All I'm doing is trying to make my position clear.

You have to consider everything I've been saying in the context of how @system variables should have been defined from the beginning — as always explicitly @system. (I didn't realize just how devastating DIP1035's alternative, "infer @system everywhere" design really was until I was forced to examine it more closely. I've now made my case about that in the other post.)

This goes for everything I've been saying. Apply the new filter of: "A variable is a @system variable iff it is explicitly marked @system."

Me:

> >

Again, the only question is whether having __metadata functionality will cause intractable pain to the use cases of @system which don't require it.

The solution to our debate — insofar as my claims deserve any merit at all — is to implement both DIP1035 and the __metadata DIP, with the additional requirement that all uses of __metadata be marked @system as well.

I stand by this statement, assuming modified DIP1035.

>

In other words, you will just move the goalposts until you can claim you were right.

I honestly don't think that's what I'm doing. My mistake was actually having too strong a sense of the right way to implement @system variables. I only realized too late that DIP1035 wasn't quite there.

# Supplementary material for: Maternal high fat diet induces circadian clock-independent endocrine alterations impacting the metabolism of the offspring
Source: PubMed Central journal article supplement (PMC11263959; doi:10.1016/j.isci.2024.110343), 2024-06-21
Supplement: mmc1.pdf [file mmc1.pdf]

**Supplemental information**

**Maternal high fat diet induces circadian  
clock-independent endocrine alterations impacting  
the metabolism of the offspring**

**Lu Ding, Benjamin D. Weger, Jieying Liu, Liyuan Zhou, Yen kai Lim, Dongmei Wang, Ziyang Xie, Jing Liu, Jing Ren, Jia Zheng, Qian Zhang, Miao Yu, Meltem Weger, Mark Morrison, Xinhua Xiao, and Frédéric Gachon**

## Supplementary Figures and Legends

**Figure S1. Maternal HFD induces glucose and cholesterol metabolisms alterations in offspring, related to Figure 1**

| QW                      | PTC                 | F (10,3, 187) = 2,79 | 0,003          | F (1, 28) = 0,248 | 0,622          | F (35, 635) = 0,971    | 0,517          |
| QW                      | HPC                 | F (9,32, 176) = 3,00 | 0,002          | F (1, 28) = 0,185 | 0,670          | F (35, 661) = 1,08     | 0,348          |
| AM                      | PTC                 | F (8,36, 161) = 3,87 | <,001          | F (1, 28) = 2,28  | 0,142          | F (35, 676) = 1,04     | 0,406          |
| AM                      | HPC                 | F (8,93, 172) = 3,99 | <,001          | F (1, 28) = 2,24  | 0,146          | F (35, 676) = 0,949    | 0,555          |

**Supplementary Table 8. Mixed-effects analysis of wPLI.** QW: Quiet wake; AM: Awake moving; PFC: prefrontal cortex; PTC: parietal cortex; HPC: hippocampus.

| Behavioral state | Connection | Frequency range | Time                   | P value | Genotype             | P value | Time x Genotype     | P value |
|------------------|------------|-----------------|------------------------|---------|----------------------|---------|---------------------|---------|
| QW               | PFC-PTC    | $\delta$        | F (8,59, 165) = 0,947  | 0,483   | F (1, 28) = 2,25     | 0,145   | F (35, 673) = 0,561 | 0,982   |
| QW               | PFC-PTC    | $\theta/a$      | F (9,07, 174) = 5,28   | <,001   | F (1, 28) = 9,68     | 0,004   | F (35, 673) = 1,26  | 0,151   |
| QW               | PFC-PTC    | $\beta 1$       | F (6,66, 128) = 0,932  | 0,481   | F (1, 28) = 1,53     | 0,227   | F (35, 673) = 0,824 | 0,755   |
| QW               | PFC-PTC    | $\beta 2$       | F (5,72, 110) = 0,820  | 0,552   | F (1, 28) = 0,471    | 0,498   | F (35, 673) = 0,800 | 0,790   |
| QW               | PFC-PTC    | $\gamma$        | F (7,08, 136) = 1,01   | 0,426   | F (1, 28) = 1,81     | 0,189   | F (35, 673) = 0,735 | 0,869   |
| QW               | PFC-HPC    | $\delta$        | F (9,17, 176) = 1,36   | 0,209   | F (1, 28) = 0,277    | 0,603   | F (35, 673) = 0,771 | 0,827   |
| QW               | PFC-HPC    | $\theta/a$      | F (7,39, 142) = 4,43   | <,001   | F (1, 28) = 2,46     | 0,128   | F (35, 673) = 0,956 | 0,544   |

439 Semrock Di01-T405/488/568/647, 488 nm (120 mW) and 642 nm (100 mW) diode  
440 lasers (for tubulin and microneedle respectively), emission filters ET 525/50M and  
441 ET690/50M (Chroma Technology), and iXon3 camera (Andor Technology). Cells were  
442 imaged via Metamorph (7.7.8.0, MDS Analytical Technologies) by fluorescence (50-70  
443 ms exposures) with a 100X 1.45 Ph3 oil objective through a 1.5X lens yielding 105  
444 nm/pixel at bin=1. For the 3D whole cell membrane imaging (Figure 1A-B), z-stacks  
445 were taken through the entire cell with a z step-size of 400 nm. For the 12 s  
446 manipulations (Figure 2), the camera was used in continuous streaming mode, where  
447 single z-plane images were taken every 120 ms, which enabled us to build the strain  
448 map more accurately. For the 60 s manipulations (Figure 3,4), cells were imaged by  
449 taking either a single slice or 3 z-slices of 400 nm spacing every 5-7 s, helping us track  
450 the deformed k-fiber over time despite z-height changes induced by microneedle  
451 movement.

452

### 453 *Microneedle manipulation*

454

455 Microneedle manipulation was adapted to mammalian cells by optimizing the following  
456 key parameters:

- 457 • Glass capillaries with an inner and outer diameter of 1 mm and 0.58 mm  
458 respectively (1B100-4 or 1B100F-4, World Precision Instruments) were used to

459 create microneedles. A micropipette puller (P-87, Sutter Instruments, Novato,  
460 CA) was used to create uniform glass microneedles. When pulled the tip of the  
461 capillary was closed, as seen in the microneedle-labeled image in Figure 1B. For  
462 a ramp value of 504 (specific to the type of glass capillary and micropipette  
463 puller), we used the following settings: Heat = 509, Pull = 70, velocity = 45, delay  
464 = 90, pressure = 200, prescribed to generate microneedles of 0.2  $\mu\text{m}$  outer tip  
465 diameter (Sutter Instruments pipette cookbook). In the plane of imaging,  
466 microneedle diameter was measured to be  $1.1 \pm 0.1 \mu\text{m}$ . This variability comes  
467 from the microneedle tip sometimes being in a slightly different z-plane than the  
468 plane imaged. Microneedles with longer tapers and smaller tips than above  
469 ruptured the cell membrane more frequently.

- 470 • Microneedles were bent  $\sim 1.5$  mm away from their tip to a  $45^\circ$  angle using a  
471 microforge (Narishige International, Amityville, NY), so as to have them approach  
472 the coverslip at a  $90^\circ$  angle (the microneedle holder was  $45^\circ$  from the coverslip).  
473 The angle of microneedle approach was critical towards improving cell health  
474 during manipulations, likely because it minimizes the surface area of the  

--

I'm sorry for a lot of the stress I've caused. I'm pretty sure that everything I've been saying makes at least a little bit of sense, given what I have always meant (to myself at least ^_^) by "@system variable".

Zach

April 13

On Wednesday, 13 April 2022 at 12:31:44 UTC, Zach Tollen wrote:

>

Maybe there is some other natural use for @system variables. But none of the use cases I have seen seem particularly incompatible with the additional __mutable functionality.

Without conflating @system and __mutable:

struct Boolean
{
    @system ubyte payload; // must be 0 or 1 or buffer overflows could happen
}

immutable Boolean b; // can be placed in read-only data segment

When conflating @system and __mutable, b suddenly must be placed in mutable memory.